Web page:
Coffee and tea might reduce liver disease risks
the risk of chronic liver disease by half, reports new research
"The principle finding of this large, national, population-based prospective study was that higher coffee and tea consumption reduced the risk of chronic liver disease," said the researchers from the National Institute of Diabetes and Digestive and Kidney Disease.
Drinking coffee has already been associated with a lower risk of liver cancer and a reduced risk of death from liver cirrhosis.
The new, long-term study followed 9,849 participants in the National Health and Nutrition Examination Survey (NHANES I), conducted between 1971 and 1975, and also analysed follow-up studies, conducted between 1982 and 1993.
"Persons who drank more than two cups of coffee or tea per day had less than half the risk [of chronic liver disease] of those consuming less than one cup per day," wrote Dr Constance Ruhl and Dr James Everhart in the article to be published in Gastroenterology.
However they added: "Despite this… protective effect of coffee on the liver, a mechanism is not yet known, nor have there been clinical trials. Furthermore, it is uncertain what component or combination of components might be protective."
The researchers noted that various coffee constituents, including caffeine, cafestol, kahweol (nontriglyceride lipid components of coffee oils), and antioxidants from coffee bean extracts, have been found to have a favourable effect on the liver in experimental studies.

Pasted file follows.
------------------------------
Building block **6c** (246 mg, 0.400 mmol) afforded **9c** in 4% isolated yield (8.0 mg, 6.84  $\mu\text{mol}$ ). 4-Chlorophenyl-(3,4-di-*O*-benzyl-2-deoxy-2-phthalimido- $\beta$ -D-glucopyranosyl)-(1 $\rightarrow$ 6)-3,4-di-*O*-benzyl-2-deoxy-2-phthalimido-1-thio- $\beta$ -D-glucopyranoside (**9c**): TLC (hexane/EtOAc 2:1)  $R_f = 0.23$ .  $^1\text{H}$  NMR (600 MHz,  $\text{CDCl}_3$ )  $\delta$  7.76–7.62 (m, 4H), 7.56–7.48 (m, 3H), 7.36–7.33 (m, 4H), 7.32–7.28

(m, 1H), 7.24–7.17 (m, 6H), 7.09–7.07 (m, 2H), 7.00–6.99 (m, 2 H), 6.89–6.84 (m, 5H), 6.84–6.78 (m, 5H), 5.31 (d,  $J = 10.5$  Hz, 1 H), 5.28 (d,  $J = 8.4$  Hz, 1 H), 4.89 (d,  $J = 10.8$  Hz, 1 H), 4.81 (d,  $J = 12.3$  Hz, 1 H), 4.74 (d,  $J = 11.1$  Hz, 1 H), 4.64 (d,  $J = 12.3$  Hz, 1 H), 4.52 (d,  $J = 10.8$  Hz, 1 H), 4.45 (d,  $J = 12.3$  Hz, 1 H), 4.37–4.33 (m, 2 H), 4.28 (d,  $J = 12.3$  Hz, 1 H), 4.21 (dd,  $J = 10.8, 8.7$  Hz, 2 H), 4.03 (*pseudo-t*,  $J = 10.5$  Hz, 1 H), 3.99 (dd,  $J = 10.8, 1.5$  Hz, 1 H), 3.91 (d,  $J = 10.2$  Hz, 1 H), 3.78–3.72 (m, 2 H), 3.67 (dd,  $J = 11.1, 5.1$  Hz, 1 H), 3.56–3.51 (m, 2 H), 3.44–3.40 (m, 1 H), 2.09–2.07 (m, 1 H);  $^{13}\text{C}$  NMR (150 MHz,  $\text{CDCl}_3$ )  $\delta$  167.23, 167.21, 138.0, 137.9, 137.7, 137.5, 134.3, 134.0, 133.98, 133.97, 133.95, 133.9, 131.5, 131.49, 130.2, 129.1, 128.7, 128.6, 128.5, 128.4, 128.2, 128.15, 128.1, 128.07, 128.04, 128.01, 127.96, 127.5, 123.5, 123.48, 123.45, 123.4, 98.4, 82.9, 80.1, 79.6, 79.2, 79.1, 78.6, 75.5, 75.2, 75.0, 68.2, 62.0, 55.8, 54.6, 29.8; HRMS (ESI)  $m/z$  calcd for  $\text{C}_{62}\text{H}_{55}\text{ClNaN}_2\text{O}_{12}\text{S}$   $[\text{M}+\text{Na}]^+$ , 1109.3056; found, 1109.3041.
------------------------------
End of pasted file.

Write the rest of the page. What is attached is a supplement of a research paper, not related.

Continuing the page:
Chronic liver disease (CLD) affects 5 million people in the US. The two most common causes of CLD are hepatitis C infection and non-alcoholic fatty liver disease. However, both of these causes, "were not recognized through most of the years of the study," admitted the researchers.
"This is a problem inherent to population-based studies that span decades. Nevertheless, it would be clinically relevant to know if protective effects found in the current study apply to all chronic liver diseases or just to one or two major causes," they wrote.
Worldwide daily caffeine consumption averages one and a half cups, while the US average is more than three and a half cups.